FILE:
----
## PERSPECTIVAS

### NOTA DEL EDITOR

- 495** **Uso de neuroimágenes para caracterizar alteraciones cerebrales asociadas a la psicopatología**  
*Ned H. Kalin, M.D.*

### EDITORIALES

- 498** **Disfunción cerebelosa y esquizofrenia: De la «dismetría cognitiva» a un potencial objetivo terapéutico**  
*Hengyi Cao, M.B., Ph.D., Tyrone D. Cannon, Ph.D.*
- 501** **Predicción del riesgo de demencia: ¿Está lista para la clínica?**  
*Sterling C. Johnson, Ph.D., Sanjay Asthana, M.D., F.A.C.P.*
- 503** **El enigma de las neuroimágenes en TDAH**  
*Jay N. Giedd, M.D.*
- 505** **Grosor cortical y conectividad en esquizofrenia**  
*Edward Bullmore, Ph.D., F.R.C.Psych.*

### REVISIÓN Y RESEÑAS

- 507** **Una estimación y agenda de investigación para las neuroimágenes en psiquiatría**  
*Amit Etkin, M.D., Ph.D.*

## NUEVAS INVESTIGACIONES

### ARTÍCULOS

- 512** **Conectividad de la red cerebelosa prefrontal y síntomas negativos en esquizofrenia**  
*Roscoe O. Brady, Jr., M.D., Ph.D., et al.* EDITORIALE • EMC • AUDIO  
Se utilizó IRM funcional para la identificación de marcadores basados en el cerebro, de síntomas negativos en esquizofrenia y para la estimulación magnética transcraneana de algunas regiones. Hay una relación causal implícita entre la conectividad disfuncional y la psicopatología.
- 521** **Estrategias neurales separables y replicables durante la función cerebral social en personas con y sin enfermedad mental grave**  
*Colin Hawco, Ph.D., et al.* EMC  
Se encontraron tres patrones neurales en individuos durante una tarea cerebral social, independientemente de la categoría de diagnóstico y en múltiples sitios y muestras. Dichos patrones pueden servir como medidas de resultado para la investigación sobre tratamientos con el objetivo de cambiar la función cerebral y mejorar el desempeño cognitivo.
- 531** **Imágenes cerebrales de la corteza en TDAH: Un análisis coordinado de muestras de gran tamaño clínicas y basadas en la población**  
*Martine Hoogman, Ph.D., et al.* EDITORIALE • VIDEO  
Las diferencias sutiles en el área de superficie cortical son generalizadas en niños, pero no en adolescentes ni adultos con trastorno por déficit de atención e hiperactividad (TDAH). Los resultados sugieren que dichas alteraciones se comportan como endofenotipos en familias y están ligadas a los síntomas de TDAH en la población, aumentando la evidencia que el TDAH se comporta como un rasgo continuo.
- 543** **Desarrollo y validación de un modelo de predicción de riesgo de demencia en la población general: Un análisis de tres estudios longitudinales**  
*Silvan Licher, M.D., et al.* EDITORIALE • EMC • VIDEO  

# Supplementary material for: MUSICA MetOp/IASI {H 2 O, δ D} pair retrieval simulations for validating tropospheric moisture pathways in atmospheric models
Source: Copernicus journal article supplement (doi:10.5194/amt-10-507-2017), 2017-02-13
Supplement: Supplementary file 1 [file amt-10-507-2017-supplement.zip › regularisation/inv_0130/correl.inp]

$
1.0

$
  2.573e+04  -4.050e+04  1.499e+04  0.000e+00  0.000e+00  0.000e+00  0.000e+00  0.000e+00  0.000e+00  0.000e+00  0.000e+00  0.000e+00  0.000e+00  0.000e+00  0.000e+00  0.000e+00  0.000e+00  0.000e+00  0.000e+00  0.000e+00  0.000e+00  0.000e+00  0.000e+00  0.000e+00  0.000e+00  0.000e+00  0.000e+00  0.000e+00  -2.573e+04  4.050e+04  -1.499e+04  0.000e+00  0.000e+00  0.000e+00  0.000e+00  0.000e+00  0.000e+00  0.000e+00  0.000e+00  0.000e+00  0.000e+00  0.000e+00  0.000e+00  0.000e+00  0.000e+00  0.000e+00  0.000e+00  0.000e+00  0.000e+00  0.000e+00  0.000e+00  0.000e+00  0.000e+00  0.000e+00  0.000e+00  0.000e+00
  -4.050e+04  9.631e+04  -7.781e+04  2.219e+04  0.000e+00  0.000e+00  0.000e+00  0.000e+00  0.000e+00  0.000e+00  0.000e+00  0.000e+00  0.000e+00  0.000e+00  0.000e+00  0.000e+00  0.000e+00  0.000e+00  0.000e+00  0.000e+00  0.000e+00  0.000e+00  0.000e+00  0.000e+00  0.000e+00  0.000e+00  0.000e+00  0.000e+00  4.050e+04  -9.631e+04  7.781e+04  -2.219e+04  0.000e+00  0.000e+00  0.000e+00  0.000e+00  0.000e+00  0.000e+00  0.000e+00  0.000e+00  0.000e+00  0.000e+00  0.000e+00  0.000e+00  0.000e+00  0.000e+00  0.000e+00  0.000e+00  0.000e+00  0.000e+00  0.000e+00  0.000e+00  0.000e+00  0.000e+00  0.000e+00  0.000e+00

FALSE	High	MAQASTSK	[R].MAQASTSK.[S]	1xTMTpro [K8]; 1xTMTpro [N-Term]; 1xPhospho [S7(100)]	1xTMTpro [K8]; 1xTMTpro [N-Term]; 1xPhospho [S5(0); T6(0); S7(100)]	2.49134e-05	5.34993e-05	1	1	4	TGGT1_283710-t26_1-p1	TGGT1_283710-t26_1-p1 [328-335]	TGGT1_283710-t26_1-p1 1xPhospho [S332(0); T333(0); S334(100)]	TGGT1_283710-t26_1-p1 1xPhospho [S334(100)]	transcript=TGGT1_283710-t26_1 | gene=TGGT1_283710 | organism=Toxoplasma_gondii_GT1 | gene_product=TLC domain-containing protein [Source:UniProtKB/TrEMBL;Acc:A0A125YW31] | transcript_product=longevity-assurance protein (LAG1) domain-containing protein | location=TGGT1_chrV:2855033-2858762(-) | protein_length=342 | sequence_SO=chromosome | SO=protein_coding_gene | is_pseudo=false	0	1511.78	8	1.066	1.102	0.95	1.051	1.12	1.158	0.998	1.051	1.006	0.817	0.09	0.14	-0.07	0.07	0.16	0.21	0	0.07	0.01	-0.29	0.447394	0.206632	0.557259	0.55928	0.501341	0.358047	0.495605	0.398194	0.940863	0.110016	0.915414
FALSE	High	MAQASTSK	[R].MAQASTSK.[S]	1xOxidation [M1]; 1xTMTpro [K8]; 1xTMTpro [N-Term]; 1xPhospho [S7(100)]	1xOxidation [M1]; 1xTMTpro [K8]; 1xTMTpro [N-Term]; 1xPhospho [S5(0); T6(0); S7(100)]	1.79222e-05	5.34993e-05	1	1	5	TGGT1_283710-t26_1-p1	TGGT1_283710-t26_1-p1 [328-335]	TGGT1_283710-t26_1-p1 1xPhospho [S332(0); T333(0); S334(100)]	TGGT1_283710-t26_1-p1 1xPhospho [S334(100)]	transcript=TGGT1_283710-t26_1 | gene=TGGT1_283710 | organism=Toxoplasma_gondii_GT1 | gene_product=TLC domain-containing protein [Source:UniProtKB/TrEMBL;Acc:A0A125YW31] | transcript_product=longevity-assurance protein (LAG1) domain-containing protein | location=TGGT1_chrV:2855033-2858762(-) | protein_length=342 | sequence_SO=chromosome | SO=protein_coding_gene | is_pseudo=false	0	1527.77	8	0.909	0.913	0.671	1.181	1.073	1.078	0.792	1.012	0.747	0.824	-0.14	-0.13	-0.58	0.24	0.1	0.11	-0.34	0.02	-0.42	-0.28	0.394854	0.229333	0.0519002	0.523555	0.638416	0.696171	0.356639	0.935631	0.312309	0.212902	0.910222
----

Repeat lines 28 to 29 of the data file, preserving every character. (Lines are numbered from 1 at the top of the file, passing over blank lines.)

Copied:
- 543** **Desarrollo y validación de un modelo de predicción de riesgo de demencia en la población general: Un análisis de tres estudios longitudinales**  
*Silvan Licher, M.D., et al.* EDITORIALE • EMC • VIDEO  